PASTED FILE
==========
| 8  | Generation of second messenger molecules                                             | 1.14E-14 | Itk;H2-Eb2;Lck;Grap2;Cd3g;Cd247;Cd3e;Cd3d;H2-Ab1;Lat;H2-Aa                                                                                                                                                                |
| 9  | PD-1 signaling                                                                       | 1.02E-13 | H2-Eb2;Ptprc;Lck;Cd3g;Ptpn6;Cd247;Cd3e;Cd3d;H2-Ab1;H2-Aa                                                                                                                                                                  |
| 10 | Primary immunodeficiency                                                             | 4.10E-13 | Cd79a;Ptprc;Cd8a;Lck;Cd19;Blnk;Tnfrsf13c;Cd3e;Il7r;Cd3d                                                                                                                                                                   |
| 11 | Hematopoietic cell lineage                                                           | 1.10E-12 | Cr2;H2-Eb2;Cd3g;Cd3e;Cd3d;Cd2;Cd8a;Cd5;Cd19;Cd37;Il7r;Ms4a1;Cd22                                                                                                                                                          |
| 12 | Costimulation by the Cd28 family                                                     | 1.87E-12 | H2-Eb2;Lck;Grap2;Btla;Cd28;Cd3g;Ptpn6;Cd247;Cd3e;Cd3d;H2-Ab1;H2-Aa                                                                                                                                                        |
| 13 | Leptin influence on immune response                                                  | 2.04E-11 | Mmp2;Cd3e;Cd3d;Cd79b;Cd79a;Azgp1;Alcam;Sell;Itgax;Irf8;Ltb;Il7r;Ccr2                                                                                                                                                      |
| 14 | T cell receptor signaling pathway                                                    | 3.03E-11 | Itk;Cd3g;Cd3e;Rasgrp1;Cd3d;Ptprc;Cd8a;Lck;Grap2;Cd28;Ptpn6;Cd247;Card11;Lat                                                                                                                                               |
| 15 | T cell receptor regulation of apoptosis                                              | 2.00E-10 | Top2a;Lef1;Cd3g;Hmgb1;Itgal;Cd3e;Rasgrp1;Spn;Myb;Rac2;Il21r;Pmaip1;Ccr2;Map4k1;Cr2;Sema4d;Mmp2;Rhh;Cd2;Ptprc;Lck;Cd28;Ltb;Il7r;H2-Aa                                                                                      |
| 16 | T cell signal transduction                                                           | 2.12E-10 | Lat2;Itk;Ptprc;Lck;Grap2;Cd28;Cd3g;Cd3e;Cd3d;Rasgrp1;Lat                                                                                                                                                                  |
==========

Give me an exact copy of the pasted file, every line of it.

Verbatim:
| 8  | Generation of second messenger molecules                                             | 1.14E-14 | Itk;H2-Eb2;Lck;Grap2;Cd3g;Cd247;Cd3e;Cd3d;H2-Ab1;Lat;H2-Aa                                                                                                                                                                |
| 9  | PD-1 signaling                                                                       | 1.02E-13 | H2-Eb2;Ptprc;Lck;Cd3g;Ptpn6;Cd247;Cd3e;Cd3d;H2-Ab1;H2-Aa                                                                                                                                                                  |
| 10 | Primary immunodeficiency                                                             | 4.10E-13 | Cd79a;Ptprc;Cd8a;Lck;Cd19;Blnk;Tnfrsf13c;Cd3e;Il7r;Cd3d                                                                                                                                                                   |
| 11 | Hematopoietic cell lineage                                                           | 1.10E-12 | Cr2;H2-Eb2;Cd3g;Cd3e;Cd3d;Cd2;Cd8a;Cd5;Cd19;Cd37;Il7r;Ms4a1;Cd22                                                                                                                                                          |
| 12 | Costimulation by the Cd28 family                                                     | 1.87E-12 | H2-Eb2;Lck;Grap2;Btla;Cd28;Cd3g;Ptpn6;Cd247;Cd3e;Cd3d;H2-Ab1;H2-Aa                                                                                                                                                        |
| 13 | Leptin influence on immune response                                                  | 2.04E-11 | Mmp2;Cd3e;Cd3d;Cd79b;Cd79a;Azgp1;Alcam;Sell;Itgax;Irf8;Ltb;Il7r;Ccr2                                                                                                                                                      |
| 14 | T cell receptor signaling pathway                                                    | 3.03E-11 | Itk;Cd3g;Cd3e;Rasgrp1;Cd3d;Ptprc;Cd8a;Lck;Grap2;Cd28;Ptpn6;Cd247;Card11;Lat                                                                                                                                               |
| 15 | T cell receptor regulation of apoptosis                                              | 2.00E-10 | Top2a;Lef1;Cd3g;Hmgb1;Itgal;Cd3e;Rasgrp1;Spn;Myb;Rac2;Il21r;Pmaip1;Ccr2;Map4k1;Cr2;Sema4d;Mmp2;Rhh;Cd2;Ptprc;Lck;Cd28;Ltb;Il7r;H2-Aa                                                                                      |
| 16 | T cell signal transduction                                                           | 2.12E-10 | Lat2;Itk;Ptprc;Lck;Grap2;Cd28;Cd3g;Cd3e;Cd3d;Rasgrp1;Lat                                                                                                                                                                  |